“According to the most recent data from AMEDORO, for the first three quarters of 2012 national furniture production grew by 12.5% in fixed prices, and reached RUB 87.9b (or US$2.8b) in the period from January to September. The dynamics in the first half of the year was highest – up 14.9%.

“The special feature of the past year is that the usual surge of demand in the autumnal season was not experienced by most of the market players – the curve of sales was much more smooth than in previous years, and some experts assume that the delayed demand which drove strong furniture sales during the post-crisis years is finally saturated.

“Regardless, the trade dynamic remains higher than anywhere westward in Europe, so the market is very interesting for foreign players – the imports volume continues to grow within every furniture category (+18.1% in January-through-September).”

According to recent data from the Russian Customs Committee, in 2011 the UK ranked 21st in Russia’s import sources, accounting for US$35.11m (0.9%) of its total. The volumes in 2010 and 2009 were US$26.31m (1%) and US$20.34m (1.1%) respectively. However, while the UK’s import value to Russia is increasing each year – by an impressive 33.5% in 2011 – its share relative to Russia’s total furniture import value has decreased a little.

Key manufacturers

• Lazurit, a manufacturer and retailer of cabinet furniture from Kaliningrad, which enjoyed a turnover of around US$280m in 2012

• Askona – the Russian division of Hilding Anders mattress holding, boasted a turnover of around US$210m in 2011. However, the success of the mattress sector is absent from any forecasts – Askona appears to be not only the leader in that sector, but also one of the highest-selling companies in Russia’s furniture market altogether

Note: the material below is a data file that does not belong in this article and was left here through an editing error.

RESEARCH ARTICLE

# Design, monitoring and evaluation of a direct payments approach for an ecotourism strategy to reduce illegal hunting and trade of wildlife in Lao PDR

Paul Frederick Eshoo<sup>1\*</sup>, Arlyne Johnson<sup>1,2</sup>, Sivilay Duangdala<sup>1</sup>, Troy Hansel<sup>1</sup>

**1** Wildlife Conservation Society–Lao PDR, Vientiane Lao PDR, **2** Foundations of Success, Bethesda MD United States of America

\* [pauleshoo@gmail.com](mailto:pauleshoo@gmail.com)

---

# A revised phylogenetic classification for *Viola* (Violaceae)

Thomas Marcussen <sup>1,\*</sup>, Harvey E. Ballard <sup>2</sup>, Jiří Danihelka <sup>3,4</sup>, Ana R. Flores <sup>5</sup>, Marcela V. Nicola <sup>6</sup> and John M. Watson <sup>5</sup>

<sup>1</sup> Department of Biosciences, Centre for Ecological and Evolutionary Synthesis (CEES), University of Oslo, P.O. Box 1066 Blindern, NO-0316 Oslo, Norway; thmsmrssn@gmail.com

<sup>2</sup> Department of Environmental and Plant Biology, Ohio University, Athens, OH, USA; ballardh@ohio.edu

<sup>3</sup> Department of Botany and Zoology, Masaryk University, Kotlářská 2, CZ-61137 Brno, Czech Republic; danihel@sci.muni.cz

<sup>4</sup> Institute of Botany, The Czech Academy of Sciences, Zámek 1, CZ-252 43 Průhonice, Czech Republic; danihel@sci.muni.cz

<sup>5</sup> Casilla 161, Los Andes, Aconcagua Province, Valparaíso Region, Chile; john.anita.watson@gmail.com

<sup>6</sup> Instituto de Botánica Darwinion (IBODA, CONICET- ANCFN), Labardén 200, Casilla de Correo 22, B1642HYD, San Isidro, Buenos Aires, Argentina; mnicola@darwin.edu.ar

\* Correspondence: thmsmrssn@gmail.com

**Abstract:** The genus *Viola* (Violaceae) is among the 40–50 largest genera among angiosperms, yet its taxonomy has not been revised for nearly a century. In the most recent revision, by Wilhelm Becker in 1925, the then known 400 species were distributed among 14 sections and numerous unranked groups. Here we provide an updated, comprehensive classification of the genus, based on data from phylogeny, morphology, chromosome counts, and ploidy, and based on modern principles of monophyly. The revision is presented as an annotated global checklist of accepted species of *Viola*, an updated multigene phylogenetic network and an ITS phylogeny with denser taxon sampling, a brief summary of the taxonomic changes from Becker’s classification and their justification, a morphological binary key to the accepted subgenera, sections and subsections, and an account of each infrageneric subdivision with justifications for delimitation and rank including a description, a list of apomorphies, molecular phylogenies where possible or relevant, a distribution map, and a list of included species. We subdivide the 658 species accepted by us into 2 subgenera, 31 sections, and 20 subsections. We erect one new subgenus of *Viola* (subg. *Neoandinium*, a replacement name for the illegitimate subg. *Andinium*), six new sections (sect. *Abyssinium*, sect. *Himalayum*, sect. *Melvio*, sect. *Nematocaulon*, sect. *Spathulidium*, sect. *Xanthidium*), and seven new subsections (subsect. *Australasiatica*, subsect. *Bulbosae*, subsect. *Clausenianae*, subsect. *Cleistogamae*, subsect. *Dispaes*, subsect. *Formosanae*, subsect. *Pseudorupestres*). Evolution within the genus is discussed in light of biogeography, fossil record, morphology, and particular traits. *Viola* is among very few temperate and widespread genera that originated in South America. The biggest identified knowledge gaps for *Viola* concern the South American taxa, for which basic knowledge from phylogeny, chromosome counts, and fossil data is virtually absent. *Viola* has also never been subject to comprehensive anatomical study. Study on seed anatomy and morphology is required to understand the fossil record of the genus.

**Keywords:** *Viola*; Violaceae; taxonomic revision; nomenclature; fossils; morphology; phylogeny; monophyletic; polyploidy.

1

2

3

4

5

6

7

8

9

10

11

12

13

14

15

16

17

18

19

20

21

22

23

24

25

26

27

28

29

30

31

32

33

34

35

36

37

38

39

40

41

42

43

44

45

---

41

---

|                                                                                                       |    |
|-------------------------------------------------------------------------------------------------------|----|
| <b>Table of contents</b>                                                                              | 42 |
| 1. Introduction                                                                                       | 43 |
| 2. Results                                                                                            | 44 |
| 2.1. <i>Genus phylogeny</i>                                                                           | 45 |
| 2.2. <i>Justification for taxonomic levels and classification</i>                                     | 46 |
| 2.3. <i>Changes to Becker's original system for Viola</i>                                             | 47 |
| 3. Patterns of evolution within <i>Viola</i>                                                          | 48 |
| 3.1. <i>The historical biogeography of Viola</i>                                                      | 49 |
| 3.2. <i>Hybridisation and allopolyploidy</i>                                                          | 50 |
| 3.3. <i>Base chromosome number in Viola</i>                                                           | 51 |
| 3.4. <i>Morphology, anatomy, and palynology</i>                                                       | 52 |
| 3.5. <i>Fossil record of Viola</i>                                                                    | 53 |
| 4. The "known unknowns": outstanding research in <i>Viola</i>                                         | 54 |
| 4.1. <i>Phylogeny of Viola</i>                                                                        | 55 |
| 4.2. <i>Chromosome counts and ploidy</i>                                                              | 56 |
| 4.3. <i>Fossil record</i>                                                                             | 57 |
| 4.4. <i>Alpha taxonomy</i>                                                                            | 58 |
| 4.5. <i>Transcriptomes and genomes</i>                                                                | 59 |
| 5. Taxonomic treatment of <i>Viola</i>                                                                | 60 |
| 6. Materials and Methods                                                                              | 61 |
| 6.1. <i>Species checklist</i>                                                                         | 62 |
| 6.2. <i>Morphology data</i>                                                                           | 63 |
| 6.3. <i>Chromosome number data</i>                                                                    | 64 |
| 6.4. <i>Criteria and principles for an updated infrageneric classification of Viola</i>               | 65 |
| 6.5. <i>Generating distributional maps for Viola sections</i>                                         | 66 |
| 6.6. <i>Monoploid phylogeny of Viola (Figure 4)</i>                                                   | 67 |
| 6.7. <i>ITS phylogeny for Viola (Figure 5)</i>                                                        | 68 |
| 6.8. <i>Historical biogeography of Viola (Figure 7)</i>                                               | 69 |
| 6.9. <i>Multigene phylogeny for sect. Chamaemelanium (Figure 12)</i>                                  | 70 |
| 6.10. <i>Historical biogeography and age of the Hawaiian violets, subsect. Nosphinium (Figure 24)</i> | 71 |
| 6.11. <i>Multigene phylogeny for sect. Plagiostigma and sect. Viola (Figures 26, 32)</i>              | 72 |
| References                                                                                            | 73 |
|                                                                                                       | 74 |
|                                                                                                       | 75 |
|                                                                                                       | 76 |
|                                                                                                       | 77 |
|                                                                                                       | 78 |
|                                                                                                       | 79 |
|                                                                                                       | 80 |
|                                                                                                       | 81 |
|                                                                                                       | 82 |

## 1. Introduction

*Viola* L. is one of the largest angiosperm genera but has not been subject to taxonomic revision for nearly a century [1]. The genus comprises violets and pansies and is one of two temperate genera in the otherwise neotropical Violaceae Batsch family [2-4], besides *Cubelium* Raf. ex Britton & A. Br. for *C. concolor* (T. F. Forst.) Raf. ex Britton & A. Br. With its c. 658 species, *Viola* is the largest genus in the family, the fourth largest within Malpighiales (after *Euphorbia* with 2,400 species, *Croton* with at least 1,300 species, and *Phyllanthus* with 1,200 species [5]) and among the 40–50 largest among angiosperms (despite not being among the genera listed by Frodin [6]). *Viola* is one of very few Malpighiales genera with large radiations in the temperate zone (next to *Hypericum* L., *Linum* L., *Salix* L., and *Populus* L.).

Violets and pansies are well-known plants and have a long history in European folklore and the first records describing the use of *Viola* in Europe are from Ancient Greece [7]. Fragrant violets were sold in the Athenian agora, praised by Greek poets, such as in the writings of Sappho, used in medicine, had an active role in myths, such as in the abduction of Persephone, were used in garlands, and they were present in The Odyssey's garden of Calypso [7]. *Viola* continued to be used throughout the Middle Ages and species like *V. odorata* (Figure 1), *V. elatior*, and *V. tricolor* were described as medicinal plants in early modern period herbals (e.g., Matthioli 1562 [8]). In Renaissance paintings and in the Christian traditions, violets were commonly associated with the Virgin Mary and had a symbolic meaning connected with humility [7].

• Maria, a kitchen manufacturer from Saratov, turned over around US$180m in 2011

• Stolplit, the producer of the cheapest cabinet furniture on the market

• Shatura, which enjoyed a turnover of around US$160m in 2011 – excluding sales from its large Russian retail network – is one of the best-known cabinet furniture producers, with a large line-up of trademarks in different price segments

• Angstrem, from Voronezh city, one of the most ambitious manufacturers of cabinet furniture in the middle market sector, turned over around US$110m in 2012, and is planning to reach US$330m in 2014

• Almaz/LubiDom, the closest competitor of VKDP, with a similar approach to large-scale series manufacturing, based in the same city, selling furniture at a slightly higher price. It turned over approximately US$100m in 2012

• VKDP/TriYa, an enterprise from Volgodonsk in the south of Russia, is part of the new wave of furniture producers of low-cost cabinet furniture, turned over around US$66m in 2010

• Lerom, another cabinet furniture maker, from Penza, found success with classical-style furniture, mostly in the regional areas of Russia, turned over around $US70m in 2011

• Katyusha/Dyatkovo/Dmi, a cabinet furniture maker from Dyatkovo in the Bryansk region, turned over around US$40m in 2011

• Ronikon, a cabinet furniture maker from the Moscow area, specialises in cupboards and wardrobes, providing some of the cheapest in Russia, turned over US$33m in 2010

• Moon/Zhiviye Divany, a sofamaker from the Moscow area


Mebel (the key event, between 18th-22nd November 2013, Expocentre Fairgrounds, Moscow)

Moscow International Furniture Fair/Rooms Moscow (MIFS, 21st-25th May 2013, Crocus Expo International Exhibition Center)

EEM/Euroexpofurniture (13-16th May 2013, Pavilion 75 at VVC, Moscow)

Author Artem Vasiliev is the foreign editor of Mebelny Biznes magazine, the Russian member of the International Alliance of Furnishing Publications (IAFP). Main article reproduced courtesy of World Furniture, International Markets Review magazine.